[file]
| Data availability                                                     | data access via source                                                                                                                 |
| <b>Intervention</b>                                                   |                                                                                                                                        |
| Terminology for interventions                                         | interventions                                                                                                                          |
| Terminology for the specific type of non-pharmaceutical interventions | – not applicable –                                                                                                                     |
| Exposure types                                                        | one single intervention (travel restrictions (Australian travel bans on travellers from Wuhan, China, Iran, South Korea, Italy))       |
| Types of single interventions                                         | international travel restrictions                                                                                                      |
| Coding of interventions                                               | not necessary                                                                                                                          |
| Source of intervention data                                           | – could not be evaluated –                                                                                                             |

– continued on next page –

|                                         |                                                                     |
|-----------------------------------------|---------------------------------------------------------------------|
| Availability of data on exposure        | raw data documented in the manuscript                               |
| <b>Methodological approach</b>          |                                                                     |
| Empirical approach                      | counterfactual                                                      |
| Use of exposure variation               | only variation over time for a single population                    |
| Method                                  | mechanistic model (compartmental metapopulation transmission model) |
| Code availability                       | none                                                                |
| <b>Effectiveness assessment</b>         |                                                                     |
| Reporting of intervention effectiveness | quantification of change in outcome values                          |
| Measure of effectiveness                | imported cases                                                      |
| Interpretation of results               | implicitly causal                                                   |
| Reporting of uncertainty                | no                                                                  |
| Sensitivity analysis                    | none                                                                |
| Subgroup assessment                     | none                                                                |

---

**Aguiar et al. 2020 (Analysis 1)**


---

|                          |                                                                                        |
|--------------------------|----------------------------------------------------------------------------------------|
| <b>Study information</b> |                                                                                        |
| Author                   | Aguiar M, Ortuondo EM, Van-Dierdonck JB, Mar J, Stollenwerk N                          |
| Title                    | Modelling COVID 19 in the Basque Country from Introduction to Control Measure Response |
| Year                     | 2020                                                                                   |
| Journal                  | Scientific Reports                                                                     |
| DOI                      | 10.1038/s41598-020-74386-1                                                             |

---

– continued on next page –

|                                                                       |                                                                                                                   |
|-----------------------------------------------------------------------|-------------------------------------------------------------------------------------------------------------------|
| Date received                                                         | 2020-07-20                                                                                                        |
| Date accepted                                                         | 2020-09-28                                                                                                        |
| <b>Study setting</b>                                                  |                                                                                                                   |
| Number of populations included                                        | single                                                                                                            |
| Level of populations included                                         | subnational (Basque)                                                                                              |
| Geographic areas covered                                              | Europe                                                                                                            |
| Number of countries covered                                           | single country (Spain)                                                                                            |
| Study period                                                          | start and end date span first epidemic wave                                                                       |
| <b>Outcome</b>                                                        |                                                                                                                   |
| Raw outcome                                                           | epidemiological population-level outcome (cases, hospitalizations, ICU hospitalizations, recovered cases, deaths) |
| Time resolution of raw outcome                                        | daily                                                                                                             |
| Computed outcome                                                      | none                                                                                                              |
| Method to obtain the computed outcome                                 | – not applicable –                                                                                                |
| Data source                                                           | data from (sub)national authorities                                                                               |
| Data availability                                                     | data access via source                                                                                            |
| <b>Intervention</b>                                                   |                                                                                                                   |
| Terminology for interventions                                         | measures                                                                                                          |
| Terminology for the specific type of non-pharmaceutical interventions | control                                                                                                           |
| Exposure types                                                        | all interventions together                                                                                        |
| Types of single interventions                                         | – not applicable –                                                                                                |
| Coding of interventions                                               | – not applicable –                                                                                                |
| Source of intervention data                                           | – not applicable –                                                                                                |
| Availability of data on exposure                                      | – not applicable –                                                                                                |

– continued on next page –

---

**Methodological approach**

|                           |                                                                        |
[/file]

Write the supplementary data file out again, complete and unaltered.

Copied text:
| Data availability                                                     | data access via source                                                                                                                 |
| <b>Intervention</b>                                                   |                                                                                                                                        |
| Terminology for interventions                                         | interventions                                                                                                                          |
| Terminology for the specific type of non-pharmaceutical interventions | – not applicable –                                                                                                                     |
| Exposure types                                                        | one single intervention (travel restrictions (Australian travel bans on travellers from Wuhan, China, Iran, South Korea, Italy))       |
| Types of single interventions                                         | international travel restrictions                                                                                                      |
| Coding of interventions                                               | not necessary                                                                                                                          |
| Source of intervention data                                           | – could not be evaluated –                                                                                                             |

– continued on next page –

|                                         |                                                                     |
|-----------------------------------------|---------------------------------------------------------------------|
| Availability of data on exposure        | raw data documented in the manuscript                               |
| <b>Methodological approach</b>          |                                                                     |
| Empirical approach                      | counterfactual                                                      |
| Use of exposure variation               | only variation over time for a single population                    |
| Method                                  | mechanistic model (compartmental metapopulation transmission model) |
| Code availability                       | none                                                                |
| <b>Effectiveness assessment</b>         |                                                                     |
| Reporting of intervention effectiveness | quantification of change in outcome values                          |
| Measure of effectiveness                | imported cases                                                      |
| Interpretation of results               | implicitly causal                                                   |
| Reporting of uncertainty                | no                                                                  |
| Sensitivity analysis                    | none                                                                |
| Subgroup assessment                     | none                                                                |

---

**Aguiar et al. 2020 (Analysis 1)**


---

|                          |                                                                                        |
|--------------------------|----------------------------------------------------------------------------------------|
| <b>Study information</b> |                                                                                        |
| Author                   | Aguiar M, Ortuondo EM, Van-Dierdonck JB, Mar J, Stollenwerk N                          |
| Title                    | Modelling COVID 19 in the Basque Country from Introduction to Control Measure Response |
| Year                     | 2020                                                                                   |
| Journal                  | Scientific Reports                                                                     |
| DOI                      | 10.1038/s41598-020-74386-1                                                             |

---

– continued on next page –

|                                                                       |                                                                                                                   |
|-----------------------------------------------------------------------|-------------------------------------------------------------------------------------------------------------------|
| Date received                                                         | 2020-07-20                                                                                                        |
| Date accepted                                                         | 2020-09-28                                                                                                        |
| <b>Study setting</b>                                                  |                                                                                                                   |
| Number of populations included                                        | single                                                                                                            |
| Level of populations included                                         | subnational (Basque)                                                                                              |
| Geographic areas covered                                              | Europe                                                                                                            |
| Number of countries covered                                           | single country (Spain)                                                                                            |
| Study period                                                          | start and end date span first epidemic wave                                                                       |
| <b>Outcome</b>                                                        |                                                                                                                   |
| Raw outcome                                                           | epidemiological population-level outcome (cases, hospitalizations, ICU hospitalizations, recovered cases, deaths) |
| Time resolution of raw outcome                                        | daily                                                                                                             |
| Computed outcome                                                      | none                                                                                                              |
| Method to obtain the computed outcome                                 | – not applicable –                                                                                                |
| Data source                                                           | data from (sub)national authorities                                                                               |
| Data availability                                                     | data access via source                                                                                            |
| <b>Intervention</b>                                                   |                                                                                                                   |
| Terminology for interventions                                         | measures                                                                                                          |
| Terminology for the specific type of non-pharmaceutical interventions | control                                                                                                           |
| Exposure types                                                        | all interventions together                                                                                        |
| Types of single interventions                                         | – not applicable –                                                                                                |
| Coding of interventions                                               | – not applicable –                                                                                                |
| Source of intervention data                                           | – not applicable –                                                                                                |
| Availability of data on exposure                                      | – not applicable –                                                                                                |

– continued on next page –

---

**Methodological approach**

|                           |                                                                        |